On day 42, the infant was readily extubated. Enteral feedings were resumed and slowly increased to full feeding with adequate weight gain. Hydrocortisone was gradually tapered off and was discontinued on day 56. The culture results of all specimens for Mycobacterium tuberculosis from the infant's blood, tracheal aspirates, and gastric aspirates were positive. As the organism was susceptible to isoniazid, rifampicin, streptomycin, ethambutol, and ofloxacin, the antituberculosis regimen was changed to oral isoniazid and rifampicin and was continued for a total course of 12 months. At 12 months of age, she was doing well with a body weight of 11.5 kg, normal physical and developmental findings, and a normal chest radiograph.
This neonate developed tuberculous bacillemia with multiple organ involvement beginning at 14 days of age. Clinical manifestations with fever, abdominal distension, and hepatosplenomegaly are common in congenital tuberculosis.1,3 Before delivery, the infant's mother did not have any symptoms of tuberculosis. This is consistent with a previous report that up to 75% mothers whose newborns had tuberculosis were asymptomatic before delivery.3 In our case, placental pathology was not performed due to lack of clinical signs and symptoms of tuberculosis at the time of delivery. The correct diagnosis in this neonate was made with the awareness of tuberculosis in the mother and the finding of acid-fast bacilli from the infant's tracheal and gastric aspirates. Positive cultures for M. tuberculosis were also detected from all specimens as well.
Streptomycin was the only available parenteral first-line antituberculous drug in Thailand. Streptomycin alone is not generally adequate for treatment of severe tuberculosis especially when a streptomycin-resistant organism is a possible causative agent. Ofloxacin, a 5-fluoroquinolone, is a recommended second-line antituberculous drug for adults.2 Enteral medication was not possible in this case because the infant was severely ill; therefore, parenteral ofloxacin was used in combination with streptomycin as an initial antituberculosis therapy, which resulted in clinical response without detectable adverse effect. Thus, parenteral ofloxacin may be useful as an alternative parenteral drug when parenteral isoniazid and rifampicin are not available, or when hepatotoxic drugs are contraindicated.
This infant is also one of a few reported cases of IAHS in neonatal tuberculosis.4,5 Abughali et al.3 reported a case of congenital tuberculosis with the onset of fever at 3 days of age. The disease was not diagnosed until 2 weeks of life. By that time, she had developed DIC and erythrophagocytosis. The condition was successfully treated with isoniazid, rifampicin, streptomycin, and hydrocortisone. Shaw et al.4 recently reported a 7-week-old girl who developed IAHS and rapidly died of undiagnosed pulmonary tuberculosis. Successful treatment of IAHS usually depends on a specific treatment for the known infectious agent and adequate supportive care. Treatment with intravenous immunoglobulin has been reported to improve the outcome of virus-associated hemophagocytic syndrome,5 but no information has been reported for the treatment of IAHS associated with tuberculosis. Our patient did not respond to treatment with intravenous immunoglobulin, and the resolution of IAHS seemed to be the result of an adequate treatment for tuberculosis.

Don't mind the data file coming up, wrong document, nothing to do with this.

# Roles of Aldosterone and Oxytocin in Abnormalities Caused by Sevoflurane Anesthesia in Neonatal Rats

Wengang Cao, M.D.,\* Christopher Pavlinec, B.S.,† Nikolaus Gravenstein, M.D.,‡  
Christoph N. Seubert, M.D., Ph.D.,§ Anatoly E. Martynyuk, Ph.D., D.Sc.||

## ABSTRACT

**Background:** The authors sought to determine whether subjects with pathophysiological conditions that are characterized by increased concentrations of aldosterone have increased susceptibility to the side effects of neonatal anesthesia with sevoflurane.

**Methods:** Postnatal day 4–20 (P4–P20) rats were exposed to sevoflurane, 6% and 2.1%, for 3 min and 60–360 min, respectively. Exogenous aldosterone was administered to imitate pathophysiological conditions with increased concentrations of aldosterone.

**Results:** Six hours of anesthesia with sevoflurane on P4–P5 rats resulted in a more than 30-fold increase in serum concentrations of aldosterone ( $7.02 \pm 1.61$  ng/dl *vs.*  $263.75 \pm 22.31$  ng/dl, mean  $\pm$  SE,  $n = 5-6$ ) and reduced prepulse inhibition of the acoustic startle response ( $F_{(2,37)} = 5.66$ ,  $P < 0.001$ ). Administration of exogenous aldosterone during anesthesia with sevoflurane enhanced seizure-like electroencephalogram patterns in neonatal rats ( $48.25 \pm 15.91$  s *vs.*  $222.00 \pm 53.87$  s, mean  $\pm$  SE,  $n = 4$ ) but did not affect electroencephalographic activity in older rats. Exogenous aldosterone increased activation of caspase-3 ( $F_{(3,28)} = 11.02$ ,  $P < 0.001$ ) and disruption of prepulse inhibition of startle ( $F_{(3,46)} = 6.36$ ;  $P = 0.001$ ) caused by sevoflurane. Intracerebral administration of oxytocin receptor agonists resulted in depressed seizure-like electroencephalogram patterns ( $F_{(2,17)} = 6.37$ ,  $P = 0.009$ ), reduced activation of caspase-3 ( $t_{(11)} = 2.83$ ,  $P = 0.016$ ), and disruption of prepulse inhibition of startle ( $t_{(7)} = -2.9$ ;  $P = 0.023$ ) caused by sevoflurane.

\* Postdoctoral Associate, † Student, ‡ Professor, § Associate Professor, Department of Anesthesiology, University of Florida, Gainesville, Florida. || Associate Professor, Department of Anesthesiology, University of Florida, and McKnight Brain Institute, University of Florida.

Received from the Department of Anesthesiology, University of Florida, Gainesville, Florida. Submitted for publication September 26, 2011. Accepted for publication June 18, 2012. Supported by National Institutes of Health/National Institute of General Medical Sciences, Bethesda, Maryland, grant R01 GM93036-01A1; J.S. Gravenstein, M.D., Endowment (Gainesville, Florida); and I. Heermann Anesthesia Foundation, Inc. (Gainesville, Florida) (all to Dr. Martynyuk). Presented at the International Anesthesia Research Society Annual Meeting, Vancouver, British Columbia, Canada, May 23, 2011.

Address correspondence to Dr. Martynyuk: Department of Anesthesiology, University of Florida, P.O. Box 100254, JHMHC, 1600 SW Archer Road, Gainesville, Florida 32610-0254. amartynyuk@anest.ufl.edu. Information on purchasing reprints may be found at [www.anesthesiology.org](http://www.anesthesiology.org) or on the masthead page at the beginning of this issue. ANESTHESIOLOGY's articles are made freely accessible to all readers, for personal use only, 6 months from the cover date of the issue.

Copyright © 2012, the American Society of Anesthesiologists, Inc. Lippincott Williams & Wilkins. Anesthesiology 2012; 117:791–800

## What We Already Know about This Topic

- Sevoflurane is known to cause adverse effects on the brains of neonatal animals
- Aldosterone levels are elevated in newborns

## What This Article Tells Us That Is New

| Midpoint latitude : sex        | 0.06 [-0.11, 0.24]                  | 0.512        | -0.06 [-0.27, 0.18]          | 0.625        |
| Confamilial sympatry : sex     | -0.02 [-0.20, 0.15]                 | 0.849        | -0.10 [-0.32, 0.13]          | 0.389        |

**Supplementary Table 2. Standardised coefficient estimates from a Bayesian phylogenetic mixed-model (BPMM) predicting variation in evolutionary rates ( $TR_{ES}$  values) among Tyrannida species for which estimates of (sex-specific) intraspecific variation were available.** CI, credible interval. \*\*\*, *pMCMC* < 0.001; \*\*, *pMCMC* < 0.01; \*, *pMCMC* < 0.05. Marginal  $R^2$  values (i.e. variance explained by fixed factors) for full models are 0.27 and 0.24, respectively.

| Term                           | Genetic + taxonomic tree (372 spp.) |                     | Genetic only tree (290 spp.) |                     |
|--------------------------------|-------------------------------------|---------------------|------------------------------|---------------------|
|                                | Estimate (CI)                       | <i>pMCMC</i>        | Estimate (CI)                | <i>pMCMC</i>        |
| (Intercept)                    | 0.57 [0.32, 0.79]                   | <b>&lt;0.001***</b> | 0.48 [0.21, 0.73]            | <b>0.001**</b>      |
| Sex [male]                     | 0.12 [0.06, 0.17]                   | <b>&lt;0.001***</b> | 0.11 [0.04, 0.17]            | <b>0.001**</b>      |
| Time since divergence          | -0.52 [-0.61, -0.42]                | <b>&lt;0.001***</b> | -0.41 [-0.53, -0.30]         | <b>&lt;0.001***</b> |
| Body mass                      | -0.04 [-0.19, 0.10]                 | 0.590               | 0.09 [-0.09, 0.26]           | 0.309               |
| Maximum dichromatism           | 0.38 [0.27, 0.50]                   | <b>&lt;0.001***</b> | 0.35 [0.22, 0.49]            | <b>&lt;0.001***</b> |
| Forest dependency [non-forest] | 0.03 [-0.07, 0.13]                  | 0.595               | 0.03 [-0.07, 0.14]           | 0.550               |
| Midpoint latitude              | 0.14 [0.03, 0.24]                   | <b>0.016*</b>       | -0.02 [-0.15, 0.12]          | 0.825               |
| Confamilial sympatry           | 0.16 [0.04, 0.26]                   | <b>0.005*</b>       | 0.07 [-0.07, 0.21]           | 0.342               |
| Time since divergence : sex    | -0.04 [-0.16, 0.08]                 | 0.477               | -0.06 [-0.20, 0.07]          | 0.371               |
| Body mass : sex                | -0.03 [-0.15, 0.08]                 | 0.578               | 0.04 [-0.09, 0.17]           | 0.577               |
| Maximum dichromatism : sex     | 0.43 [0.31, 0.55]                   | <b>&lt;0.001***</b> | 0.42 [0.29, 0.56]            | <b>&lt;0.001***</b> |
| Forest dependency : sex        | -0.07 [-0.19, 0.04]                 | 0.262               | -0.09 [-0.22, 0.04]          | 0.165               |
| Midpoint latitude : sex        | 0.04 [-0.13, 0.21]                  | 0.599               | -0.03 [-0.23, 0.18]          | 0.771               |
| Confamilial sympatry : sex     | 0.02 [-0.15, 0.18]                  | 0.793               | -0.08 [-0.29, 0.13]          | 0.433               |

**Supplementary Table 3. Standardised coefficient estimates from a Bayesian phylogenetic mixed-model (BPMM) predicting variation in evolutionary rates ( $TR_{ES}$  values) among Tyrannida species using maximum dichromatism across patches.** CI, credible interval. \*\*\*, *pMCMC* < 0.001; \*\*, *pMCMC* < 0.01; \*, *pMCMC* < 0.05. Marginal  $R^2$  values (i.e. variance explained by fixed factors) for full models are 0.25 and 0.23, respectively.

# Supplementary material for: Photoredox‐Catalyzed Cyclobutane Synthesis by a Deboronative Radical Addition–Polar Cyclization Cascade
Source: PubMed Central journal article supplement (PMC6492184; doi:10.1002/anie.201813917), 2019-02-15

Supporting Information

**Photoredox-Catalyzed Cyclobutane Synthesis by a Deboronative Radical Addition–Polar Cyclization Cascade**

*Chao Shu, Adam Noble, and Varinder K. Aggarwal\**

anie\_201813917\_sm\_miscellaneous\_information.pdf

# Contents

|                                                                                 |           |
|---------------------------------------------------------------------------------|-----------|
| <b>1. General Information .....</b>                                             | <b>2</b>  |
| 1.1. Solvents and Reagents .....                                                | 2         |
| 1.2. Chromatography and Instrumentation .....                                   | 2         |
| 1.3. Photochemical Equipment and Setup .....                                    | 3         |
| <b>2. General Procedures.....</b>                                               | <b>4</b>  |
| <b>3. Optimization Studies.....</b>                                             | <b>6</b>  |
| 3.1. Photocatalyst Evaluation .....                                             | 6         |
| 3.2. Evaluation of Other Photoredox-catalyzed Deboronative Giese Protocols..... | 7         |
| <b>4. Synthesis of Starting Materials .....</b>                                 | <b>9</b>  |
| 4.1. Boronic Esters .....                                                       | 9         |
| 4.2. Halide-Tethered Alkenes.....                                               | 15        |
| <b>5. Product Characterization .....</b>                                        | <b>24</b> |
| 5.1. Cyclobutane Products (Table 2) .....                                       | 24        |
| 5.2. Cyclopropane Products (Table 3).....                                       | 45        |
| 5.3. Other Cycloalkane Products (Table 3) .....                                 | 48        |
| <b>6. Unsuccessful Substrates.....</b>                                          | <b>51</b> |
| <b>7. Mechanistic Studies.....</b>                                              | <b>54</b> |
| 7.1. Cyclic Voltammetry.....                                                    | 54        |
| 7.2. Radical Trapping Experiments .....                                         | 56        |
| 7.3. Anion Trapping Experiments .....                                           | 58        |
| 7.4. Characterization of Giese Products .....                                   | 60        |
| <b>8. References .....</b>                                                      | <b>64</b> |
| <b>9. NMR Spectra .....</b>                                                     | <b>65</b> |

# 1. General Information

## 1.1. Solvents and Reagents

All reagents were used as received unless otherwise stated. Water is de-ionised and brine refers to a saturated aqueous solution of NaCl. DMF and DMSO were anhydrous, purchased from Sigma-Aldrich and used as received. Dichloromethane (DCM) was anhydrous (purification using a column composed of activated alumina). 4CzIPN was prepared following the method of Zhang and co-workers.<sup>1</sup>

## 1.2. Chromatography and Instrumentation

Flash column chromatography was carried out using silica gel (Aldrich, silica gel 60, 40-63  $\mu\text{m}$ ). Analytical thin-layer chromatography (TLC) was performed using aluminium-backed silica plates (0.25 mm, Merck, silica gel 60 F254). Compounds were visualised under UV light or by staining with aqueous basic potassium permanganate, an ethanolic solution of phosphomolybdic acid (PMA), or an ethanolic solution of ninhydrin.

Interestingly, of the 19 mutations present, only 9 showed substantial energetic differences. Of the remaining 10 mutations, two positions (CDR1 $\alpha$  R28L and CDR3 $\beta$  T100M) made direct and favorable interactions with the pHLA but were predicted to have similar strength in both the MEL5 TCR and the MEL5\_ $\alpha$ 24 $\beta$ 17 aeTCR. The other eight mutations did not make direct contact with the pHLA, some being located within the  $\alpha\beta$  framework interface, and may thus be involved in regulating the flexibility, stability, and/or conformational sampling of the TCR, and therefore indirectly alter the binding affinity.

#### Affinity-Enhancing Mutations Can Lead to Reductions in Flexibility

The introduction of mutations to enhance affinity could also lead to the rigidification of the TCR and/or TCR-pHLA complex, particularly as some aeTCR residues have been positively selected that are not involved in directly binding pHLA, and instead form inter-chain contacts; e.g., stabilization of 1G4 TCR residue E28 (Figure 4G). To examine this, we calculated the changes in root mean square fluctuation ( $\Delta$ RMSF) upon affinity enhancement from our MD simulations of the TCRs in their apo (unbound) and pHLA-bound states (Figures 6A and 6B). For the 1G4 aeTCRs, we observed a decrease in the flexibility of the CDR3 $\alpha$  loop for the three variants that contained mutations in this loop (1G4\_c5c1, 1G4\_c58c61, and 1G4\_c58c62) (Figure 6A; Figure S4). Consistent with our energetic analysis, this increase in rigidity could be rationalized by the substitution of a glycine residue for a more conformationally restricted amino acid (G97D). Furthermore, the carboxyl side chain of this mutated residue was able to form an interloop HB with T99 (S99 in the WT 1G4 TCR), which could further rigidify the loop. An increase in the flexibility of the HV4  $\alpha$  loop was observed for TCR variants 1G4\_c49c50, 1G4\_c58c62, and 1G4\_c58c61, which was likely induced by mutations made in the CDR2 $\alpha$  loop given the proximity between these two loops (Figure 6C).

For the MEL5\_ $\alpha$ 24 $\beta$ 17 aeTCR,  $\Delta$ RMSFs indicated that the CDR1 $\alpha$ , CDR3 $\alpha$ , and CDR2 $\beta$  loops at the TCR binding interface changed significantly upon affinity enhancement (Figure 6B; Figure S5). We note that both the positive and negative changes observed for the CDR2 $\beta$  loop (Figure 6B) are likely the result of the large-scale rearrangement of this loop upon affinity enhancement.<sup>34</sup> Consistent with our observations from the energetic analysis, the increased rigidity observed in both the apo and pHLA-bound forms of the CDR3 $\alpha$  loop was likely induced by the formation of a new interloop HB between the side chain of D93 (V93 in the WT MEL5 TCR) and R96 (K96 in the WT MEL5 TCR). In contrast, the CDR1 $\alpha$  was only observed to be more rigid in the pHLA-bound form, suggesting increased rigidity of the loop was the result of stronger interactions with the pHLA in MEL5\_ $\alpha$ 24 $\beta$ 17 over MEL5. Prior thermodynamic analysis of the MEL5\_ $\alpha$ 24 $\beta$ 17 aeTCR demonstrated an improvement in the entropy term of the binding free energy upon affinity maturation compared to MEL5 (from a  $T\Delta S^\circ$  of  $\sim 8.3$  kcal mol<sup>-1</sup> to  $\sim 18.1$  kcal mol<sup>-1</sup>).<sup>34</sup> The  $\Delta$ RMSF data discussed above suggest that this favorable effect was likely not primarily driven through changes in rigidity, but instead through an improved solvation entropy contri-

Hypercalcemia is a well-recognized complication of tuberculosis in adults. However, the condition has rarely been reported in the pediatric age group6,7,8 and, to our knowledge, never in neonates. This is the first reported case of hypercalcemia in neonatal tuberculosis. This condition results from abnormal calcium metabolism due to endogenous overproduction of 1,25-dihydroxyvitamin D (calcitriol), an active metabolite of vitamin D, by activated macrophages.9 Nephrocalcinosis and liver calcification have occurred in a reported case of tuberculosis in a child.6
There has been no adequate evidence regarding the role of corticosteroid on acute disseminated tuberculosis.10 Data on corticosteroid use in congenital tuberculosis are very limited. A 2-week course of hydrocortisone (4 mg/kg per day) in disseminated neonatal tuberculosis with DIC was reported with a favorable outcome.3 In our case, hydrocortisone was given during the initial critical stage and adrenal insufficiency was detected during the later course of illness. This could be a result of tuberculosis of the adrenal gland or adrenal suppression from the previous use of corticosteroid. Physicians should be aware of this condition in order to improve the outcome of disseminated tuberculosis.
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We thank the staff, fellows, and residents of the Department of Pediatrics involved in the care of this patient, especially Ampaiwan Chuansumrit (Division of Hematology), Pat Mahachokelertwattana (Division of Endocrinology), and Aroonwan Preutthipan (Division of Respiratory Disease).
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Okascharoen, C., Nuntnarumit, P. & Sirinavin, S. Neonatal Tuberculosis Associated With Shock, Disseminated Intravascular Coagulation, Hemophagocytic Syndrome, and Hypercalcemia: A Case Report. J Perinatol 23, 79–81 (2003). https://doi.org/10.1038/sj.jp.7210848
Journal of Perinatology (2016)
The Indian Journal of Pediatrics (2012)